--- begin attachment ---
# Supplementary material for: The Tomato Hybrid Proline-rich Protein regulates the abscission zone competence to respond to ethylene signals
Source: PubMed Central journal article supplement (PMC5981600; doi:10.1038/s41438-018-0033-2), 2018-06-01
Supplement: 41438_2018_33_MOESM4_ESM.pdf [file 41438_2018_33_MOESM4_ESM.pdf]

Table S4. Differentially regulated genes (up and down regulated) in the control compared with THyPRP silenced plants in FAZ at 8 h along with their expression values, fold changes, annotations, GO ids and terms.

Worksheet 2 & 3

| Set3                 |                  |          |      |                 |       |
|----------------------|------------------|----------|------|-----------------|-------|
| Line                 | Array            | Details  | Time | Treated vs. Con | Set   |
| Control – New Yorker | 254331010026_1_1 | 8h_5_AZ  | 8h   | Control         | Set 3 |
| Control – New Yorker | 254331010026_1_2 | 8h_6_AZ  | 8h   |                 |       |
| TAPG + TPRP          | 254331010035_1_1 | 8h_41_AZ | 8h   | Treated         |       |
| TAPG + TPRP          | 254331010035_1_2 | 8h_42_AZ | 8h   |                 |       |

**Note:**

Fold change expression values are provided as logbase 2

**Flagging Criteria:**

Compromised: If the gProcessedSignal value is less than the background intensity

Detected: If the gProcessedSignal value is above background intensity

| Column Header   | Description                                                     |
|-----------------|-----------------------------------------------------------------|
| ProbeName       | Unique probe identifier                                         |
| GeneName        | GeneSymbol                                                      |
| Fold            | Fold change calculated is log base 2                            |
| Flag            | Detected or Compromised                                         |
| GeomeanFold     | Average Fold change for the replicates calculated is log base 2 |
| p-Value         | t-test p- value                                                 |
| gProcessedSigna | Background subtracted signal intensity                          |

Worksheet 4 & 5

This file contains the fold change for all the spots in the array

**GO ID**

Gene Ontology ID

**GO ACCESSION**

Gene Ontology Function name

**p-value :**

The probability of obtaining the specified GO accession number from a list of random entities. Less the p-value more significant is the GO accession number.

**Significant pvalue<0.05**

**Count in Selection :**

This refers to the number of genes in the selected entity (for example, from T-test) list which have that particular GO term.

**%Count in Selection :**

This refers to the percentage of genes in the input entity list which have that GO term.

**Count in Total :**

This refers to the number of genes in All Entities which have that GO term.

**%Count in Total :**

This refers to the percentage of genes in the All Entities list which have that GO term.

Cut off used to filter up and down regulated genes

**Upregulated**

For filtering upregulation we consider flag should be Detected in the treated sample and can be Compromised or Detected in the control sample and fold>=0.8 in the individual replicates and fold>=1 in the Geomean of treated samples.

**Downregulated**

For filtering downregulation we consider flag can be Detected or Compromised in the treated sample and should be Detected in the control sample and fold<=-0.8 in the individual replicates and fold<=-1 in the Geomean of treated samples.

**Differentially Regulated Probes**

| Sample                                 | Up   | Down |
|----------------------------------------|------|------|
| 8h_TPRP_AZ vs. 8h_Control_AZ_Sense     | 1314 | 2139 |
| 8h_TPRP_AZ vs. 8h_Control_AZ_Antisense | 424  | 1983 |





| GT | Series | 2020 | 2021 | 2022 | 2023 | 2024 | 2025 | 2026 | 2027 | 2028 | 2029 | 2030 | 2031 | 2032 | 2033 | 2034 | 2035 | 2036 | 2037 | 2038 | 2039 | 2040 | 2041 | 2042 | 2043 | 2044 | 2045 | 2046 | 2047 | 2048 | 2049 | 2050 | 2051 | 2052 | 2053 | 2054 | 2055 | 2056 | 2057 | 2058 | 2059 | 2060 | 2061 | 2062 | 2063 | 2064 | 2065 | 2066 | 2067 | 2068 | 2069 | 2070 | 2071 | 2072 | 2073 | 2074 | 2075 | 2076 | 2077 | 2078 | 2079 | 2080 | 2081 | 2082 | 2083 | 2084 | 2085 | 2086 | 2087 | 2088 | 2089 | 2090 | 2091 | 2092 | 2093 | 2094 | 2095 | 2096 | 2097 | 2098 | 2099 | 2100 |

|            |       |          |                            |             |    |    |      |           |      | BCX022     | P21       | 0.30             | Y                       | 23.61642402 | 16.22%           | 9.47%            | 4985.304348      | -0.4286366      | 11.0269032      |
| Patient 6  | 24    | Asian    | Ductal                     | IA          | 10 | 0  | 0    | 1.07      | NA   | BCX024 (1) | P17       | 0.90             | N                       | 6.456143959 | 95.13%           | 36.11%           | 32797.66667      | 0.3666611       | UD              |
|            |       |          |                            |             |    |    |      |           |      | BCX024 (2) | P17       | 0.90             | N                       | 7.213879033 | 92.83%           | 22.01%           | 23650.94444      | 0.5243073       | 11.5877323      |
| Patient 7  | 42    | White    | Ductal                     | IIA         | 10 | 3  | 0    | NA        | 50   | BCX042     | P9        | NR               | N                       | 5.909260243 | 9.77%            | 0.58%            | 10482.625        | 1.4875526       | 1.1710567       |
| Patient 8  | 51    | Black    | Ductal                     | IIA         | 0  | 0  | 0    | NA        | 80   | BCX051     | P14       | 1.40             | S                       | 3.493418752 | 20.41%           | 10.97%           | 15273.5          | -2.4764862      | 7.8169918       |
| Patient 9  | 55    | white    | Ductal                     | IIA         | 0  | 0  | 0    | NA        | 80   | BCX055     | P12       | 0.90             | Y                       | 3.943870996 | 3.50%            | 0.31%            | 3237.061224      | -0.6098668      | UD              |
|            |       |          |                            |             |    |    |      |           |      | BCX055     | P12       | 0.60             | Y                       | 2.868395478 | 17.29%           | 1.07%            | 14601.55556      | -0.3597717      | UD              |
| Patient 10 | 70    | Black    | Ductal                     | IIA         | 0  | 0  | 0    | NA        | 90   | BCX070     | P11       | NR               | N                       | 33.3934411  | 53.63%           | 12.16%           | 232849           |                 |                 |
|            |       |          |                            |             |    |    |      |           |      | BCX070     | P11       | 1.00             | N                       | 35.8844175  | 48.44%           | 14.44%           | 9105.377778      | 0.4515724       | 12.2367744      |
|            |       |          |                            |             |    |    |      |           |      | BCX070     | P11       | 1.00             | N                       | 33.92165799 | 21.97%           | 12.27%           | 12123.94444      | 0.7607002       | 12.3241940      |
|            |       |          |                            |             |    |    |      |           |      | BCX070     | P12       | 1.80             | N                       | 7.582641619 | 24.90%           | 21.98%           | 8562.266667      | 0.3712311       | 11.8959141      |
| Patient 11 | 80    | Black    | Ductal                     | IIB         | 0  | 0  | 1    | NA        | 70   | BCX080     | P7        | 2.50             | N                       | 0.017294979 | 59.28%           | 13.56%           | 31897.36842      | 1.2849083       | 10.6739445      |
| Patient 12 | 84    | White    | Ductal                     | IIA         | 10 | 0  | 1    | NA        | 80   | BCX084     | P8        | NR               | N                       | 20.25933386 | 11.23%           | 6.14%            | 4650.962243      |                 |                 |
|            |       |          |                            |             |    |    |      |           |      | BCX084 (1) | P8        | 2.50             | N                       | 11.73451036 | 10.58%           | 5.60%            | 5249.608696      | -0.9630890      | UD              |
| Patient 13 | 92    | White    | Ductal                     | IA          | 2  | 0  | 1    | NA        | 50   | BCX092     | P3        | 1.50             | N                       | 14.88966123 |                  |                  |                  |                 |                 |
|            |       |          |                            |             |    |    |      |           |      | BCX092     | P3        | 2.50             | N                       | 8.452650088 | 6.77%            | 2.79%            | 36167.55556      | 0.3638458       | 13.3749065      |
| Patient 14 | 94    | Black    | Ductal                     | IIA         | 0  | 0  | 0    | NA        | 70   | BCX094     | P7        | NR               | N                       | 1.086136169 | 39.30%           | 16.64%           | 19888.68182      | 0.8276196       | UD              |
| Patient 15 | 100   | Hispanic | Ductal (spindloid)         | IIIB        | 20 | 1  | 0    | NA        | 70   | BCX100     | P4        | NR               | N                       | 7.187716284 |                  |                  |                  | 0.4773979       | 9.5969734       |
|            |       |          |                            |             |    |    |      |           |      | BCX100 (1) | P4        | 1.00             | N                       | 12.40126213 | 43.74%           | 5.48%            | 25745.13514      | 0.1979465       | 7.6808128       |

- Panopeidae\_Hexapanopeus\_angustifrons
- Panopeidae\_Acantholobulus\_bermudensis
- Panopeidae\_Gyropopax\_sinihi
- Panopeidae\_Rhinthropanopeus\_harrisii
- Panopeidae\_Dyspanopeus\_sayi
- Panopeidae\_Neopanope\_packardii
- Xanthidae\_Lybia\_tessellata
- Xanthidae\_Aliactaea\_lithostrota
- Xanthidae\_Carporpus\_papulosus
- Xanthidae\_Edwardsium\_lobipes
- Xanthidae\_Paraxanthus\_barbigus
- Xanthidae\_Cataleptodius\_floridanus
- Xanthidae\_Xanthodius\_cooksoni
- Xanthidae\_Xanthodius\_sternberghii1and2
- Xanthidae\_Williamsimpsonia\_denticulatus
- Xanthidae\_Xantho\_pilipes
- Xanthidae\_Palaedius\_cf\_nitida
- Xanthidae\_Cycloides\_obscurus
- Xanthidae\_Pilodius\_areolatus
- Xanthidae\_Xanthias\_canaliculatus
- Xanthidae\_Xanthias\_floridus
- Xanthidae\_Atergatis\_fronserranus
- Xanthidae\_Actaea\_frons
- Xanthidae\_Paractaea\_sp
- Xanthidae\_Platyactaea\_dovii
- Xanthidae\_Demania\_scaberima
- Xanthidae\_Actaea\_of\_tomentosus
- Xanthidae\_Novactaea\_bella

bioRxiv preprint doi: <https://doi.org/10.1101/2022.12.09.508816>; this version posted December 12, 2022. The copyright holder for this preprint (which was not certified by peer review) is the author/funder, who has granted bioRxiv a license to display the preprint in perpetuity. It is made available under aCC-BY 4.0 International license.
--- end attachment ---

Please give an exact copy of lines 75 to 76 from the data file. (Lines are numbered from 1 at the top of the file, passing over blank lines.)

- Panopeidae\_Acantholobulus\_bermudensis
- Panopeidae\_Gyropopax\_sinihi